He's a long-haired headbanger from when he was a teenager and he always wanted to be involved, somehow, in music, but he just wasn't a musician. He didn't play an instrument, but he just loved music so much that he just wanted to be involved somehow. He felt like the best way he could contribute to his favorite thing, music, was to get involved on the other side, to help grow a band and to just get back there and to do the hard work that it takes, in tandem with us. We were his band. He worked with Slayer and he worked with a number of other bands and he worked with Gojira, but we were the first band. We kind of came together at the perfect moment, right before Leviathan was about to come out and planted that seed and got into that sweet spot that grew our band to the band that we are today, you know?
He really kind of took the reins with us. He was a workaholic and would just be non-stop working on Mastodon and different ways to make our lives better and different ways to help us get to the next level as a band. Just brainstorming, just working, writing emails, calling people… I mean, the guy was just non-stop, more so that he should have been, you know what I mean? He worked way too hard, you know what I mean? I would feel bad. I'd be like, "Dude, you don't have to be doing all of that. Like, come on. You’ve got to relax a little bit."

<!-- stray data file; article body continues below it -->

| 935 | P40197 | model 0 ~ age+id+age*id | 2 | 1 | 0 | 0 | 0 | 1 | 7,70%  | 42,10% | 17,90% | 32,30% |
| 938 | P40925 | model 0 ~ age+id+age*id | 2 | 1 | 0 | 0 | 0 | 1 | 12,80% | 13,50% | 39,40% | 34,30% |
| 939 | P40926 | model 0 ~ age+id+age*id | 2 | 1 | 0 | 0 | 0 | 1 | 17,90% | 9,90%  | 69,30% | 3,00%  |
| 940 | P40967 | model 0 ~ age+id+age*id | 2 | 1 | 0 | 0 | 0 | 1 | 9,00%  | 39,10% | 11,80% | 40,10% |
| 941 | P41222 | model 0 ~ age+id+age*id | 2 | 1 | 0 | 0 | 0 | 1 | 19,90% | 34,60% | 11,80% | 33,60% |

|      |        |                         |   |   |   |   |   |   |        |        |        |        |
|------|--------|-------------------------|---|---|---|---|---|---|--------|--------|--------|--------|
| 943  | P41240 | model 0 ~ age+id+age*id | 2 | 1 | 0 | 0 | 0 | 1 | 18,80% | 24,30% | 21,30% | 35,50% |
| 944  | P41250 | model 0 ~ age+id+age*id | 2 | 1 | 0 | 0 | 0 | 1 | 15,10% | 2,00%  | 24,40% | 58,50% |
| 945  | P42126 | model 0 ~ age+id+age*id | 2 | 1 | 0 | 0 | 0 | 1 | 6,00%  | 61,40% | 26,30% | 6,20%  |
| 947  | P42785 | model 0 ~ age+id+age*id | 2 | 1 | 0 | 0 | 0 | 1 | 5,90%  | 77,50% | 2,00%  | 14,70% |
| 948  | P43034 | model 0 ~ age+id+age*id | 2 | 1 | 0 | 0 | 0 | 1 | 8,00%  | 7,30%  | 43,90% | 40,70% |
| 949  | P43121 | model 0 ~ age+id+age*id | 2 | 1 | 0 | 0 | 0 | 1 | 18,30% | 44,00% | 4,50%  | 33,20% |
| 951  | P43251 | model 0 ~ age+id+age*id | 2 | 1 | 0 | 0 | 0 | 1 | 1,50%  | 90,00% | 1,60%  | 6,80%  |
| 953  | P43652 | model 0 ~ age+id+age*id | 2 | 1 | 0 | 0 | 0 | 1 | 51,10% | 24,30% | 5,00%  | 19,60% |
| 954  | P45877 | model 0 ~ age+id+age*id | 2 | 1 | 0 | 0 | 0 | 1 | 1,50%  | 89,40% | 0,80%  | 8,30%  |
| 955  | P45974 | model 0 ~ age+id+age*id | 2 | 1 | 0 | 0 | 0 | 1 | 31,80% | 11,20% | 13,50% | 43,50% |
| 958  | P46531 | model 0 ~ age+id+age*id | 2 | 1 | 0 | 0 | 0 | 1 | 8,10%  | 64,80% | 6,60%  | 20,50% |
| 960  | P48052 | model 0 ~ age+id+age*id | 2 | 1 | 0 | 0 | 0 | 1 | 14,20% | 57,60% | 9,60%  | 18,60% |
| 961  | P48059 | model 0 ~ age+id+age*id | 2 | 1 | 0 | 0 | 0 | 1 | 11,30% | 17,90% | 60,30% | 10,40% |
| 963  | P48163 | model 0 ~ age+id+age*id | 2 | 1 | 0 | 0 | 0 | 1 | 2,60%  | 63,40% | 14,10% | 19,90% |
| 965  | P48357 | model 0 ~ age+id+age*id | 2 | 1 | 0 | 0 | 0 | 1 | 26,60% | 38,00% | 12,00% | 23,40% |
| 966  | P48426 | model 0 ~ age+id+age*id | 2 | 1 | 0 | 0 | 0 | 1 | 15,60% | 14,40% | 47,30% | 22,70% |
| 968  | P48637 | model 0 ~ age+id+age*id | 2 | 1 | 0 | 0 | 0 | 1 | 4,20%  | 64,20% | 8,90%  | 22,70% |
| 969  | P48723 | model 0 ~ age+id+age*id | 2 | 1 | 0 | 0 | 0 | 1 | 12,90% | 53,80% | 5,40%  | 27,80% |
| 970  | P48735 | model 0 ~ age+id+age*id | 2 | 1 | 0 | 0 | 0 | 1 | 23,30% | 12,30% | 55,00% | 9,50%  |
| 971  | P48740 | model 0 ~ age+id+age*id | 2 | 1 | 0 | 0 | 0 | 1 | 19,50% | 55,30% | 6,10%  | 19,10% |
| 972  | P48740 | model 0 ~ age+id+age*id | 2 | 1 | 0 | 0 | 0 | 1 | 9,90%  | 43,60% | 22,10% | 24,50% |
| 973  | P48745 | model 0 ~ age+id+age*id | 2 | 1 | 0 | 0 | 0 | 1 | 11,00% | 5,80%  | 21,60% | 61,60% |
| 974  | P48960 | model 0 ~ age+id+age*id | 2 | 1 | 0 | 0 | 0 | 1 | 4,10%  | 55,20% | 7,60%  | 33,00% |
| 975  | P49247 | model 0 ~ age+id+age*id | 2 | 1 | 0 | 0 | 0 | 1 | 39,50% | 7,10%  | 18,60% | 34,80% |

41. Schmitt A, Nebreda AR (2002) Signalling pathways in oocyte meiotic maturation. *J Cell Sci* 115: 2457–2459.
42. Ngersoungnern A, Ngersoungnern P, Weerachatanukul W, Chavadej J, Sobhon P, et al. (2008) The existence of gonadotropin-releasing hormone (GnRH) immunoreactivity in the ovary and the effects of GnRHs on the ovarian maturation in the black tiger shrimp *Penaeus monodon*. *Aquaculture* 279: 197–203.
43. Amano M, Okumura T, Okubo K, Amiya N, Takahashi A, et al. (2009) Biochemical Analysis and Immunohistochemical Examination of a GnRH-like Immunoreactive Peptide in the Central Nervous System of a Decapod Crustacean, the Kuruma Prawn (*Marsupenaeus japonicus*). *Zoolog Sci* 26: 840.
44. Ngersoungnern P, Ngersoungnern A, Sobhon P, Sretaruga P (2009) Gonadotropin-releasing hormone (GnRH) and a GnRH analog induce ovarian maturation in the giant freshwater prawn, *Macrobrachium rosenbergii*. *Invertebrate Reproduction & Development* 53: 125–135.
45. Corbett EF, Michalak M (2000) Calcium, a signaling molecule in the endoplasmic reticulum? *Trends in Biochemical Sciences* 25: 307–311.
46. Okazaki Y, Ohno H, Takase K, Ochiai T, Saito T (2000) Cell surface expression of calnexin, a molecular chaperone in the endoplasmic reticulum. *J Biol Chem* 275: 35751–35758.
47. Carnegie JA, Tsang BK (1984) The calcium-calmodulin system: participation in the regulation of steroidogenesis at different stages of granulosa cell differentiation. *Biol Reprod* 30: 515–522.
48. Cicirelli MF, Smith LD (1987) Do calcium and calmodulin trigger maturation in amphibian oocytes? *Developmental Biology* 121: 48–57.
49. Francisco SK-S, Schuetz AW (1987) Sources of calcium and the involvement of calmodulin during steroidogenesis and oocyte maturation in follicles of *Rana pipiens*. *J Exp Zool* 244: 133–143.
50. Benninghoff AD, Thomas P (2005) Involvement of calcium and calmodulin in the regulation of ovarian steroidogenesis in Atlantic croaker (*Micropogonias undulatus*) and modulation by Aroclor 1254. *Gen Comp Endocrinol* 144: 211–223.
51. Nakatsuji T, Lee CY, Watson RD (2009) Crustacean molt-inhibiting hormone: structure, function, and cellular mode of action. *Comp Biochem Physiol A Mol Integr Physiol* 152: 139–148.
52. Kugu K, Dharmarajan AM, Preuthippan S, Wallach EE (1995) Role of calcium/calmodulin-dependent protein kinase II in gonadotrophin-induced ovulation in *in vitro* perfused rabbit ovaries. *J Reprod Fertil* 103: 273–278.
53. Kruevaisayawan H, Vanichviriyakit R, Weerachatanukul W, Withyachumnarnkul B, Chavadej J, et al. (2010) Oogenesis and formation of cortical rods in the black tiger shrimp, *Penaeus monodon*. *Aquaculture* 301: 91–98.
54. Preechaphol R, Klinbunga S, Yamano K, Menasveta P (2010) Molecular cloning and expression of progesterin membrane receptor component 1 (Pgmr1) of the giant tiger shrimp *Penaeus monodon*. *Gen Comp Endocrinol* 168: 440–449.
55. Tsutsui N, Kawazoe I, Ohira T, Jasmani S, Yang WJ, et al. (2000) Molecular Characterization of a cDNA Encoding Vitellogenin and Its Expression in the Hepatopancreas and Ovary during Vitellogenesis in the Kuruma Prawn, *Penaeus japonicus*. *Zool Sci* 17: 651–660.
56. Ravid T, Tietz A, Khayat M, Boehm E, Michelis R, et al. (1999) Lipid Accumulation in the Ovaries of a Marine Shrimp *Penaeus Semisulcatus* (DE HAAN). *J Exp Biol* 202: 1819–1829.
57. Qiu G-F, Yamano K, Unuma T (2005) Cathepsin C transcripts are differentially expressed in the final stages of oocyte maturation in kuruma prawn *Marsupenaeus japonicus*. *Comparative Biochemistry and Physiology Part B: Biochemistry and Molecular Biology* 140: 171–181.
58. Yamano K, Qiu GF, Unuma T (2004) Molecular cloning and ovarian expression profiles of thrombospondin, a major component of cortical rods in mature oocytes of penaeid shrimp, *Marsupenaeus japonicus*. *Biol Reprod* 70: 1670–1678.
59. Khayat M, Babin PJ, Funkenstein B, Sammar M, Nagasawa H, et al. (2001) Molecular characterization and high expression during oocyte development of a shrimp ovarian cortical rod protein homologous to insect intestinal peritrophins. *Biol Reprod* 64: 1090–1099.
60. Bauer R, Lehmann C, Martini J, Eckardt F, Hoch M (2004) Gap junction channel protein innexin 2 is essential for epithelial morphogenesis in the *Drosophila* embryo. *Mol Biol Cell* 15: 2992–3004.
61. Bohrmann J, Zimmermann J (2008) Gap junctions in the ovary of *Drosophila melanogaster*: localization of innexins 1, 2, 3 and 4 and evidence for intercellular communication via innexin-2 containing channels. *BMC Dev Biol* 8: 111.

The guy never took a vacation, he was always at it. There wasn't a day that went by when you didn't receive two or three emails from Nick John with strategy, you know what I mean? Like, let's do this, or we could do this! We were more than happy to oblige. He just was in the mix all the time. He was our boy. He was part of the band, for sure.
I've heard nothing but good things about him and that's kind of rare in the music industry. It's great to see him get his due. I'm sure we can thank him for the tours that you've done with Slayer and Gojira too, right?
Oh, yeah. You know, I work hard playing the drums and I work hard within Mastodon, and so do the other members. We all pull our weight and do our thing to be the best band that we can be and to continue doing our thing. But he was totally instrumental in fulfilling some childhood fantasies of like, touring with Metallica, Iron Maiden, Black Sabbath, Judas Priest, Slayer, all those big tours, you know what I mean? It's us, but it's a lot him too. He pushed for a lot of that stuff.